Fortunate Voyager: The Worlds of Ninian Stephen

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Melbourne University Publishing, Sep 1, 2013 - Biography & Autobiography - 492 pages
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One life, many roles: soldier, brilliant barrister, High Court judge, Governor-General, Australian diplomat, mediator in Northern Ireland, member of the first war crimes tribunal since Nuremburg and Tokyo, head of UN and Commonwealth missions to crisis zones from Cambodia to Burma to Bangladesh, Sir Ninian Stephen is the recipient of five knighthoods and the most honoured Australian in history - and yet precisely because so much of his work was international it has rarely received the notice it deserves in his home country.
In this, the first whole-of-life biography of the subject, Philip Ayres traces StephenÍs early life in Scotland, England and around continental Europe, from Edinburgh and the Highlands to the spa towns of France and Germany, from the ski runs above Montreux to the Nuremberg Rally of 1938, including the details of his education at outstanding British and Swiss schools and his highly unorthodox ñfamilyî life as an only child with an absent father, the details of which, like so much here, have never previously been revealed. All this constitutes the unknown Ninian Stephen, and yet so much else in this book is new: the wartime Stephen, the barrister Stephen, and all the other aspects of his life traced in precise yet dramatic detail in a book whose momentum is generated through unique access to the full resources of the subjectÍs personal papers.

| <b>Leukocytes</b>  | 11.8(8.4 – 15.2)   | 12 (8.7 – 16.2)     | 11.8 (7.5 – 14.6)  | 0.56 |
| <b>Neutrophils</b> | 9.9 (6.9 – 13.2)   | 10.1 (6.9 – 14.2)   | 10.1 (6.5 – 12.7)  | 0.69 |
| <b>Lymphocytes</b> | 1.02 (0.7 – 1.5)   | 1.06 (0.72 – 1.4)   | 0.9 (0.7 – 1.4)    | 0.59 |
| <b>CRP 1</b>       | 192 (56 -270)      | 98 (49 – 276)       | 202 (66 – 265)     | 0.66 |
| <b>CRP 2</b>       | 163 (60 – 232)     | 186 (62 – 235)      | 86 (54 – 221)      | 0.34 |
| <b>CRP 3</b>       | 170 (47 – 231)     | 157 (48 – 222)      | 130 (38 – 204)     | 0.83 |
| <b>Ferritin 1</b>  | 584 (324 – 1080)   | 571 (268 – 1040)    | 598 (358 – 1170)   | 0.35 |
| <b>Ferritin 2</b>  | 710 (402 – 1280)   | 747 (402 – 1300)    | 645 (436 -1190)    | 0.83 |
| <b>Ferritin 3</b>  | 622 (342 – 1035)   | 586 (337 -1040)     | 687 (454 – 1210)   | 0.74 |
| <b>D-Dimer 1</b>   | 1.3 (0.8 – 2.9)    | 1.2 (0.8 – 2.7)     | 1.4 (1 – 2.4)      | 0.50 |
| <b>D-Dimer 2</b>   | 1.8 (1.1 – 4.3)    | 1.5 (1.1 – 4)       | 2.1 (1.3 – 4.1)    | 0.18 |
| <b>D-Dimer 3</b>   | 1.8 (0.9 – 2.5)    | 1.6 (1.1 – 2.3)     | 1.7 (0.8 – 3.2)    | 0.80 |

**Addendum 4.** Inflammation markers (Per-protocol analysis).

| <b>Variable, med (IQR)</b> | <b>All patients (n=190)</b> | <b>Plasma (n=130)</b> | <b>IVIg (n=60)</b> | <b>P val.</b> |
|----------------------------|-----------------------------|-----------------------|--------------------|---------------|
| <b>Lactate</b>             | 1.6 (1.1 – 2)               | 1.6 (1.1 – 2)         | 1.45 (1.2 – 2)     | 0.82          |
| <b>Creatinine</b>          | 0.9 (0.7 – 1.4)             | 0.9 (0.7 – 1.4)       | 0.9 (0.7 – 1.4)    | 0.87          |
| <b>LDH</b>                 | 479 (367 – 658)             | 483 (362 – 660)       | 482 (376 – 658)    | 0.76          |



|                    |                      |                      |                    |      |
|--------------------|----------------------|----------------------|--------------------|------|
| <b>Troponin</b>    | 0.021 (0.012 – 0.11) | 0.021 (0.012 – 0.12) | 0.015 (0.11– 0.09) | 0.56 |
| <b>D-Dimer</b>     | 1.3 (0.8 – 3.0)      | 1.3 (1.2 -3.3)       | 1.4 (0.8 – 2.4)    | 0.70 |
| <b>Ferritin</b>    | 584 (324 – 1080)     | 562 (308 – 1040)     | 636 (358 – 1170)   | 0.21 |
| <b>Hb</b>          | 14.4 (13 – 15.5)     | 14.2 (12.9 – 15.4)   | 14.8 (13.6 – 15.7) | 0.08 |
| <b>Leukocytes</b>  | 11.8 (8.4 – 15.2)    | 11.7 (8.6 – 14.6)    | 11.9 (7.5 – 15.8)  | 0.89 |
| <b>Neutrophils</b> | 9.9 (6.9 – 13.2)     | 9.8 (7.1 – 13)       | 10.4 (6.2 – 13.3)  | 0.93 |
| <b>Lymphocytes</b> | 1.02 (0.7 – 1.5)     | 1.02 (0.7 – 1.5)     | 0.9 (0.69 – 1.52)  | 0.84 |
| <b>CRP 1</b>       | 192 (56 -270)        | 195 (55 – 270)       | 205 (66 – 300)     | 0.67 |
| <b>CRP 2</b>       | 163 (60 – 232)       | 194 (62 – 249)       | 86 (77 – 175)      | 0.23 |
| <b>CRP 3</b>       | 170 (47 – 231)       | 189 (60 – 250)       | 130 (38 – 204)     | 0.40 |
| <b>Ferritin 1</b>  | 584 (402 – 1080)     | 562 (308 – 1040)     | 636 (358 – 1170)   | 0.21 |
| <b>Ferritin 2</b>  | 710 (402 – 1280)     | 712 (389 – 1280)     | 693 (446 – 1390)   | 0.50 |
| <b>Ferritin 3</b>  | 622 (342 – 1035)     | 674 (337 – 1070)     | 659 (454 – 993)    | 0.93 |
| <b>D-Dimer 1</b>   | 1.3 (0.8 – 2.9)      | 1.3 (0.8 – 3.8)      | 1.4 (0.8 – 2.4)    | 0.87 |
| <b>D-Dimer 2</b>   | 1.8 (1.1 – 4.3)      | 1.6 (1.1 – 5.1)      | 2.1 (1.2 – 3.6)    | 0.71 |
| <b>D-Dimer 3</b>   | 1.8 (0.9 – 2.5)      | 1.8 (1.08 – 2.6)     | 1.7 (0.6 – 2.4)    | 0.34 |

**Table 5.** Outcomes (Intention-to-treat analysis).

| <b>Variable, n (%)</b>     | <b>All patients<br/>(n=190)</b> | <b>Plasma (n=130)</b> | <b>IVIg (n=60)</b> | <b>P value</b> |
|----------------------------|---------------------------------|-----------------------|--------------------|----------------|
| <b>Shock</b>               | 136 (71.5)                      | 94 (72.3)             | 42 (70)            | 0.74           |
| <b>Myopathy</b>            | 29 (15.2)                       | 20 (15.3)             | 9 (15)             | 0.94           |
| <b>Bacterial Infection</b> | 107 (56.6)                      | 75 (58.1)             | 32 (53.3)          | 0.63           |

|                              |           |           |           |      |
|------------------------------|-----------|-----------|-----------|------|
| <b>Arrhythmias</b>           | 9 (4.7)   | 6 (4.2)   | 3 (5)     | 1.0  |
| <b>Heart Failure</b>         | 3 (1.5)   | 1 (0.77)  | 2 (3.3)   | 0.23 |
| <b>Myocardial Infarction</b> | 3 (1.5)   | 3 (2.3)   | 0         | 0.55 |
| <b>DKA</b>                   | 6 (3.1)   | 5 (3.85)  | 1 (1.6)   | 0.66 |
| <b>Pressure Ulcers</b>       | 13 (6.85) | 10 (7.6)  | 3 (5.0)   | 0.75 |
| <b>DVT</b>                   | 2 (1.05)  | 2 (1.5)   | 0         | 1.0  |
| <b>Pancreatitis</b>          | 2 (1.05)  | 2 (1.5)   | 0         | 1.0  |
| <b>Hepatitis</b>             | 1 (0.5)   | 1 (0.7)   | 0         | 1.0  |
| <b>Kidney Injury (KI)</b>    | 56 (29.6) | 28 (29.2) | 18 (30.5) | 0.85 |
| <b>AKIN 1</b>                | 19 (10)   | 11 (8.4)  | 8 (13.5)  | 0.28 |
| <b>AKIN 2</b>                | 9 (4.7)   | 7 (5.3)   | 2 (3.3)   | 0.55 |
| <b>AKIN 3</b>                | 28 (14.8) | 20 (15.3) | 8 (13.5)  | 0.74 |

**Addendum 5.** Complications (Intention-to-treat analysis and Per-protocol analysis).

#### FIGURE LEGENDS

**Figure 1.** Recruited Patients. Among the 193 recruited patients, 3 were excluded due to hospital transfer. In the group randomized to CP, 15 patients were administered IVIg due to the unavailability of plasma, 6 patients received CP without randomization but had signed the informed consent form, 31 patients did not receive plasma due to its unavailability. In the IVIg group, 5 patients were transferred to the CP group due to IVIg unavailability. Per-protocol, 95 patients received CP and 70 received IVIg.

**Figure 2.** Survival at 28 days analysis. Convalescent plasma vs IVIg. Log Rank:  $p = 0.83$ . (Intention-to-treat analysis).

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About the author (2013)

Philip Ayres is the author of Owen Dixon, of Malcolm Fraser, of Mawson (still the only whole-of-life biography of its subject aside from Lady MawsonÍs), of Prince of the Church (on Cardinal Moran, the first Australian cardinal), and of numerous scholarly books and articles on English eighteenth-century culture including Classical Culture and the Idea of Rome in Eighteenth Century England. He is a Fellow of both the Royal Historical Society of London and the Australian Academy of the Humanities, and a recipient of the Centenary Medal for contributions to literature.

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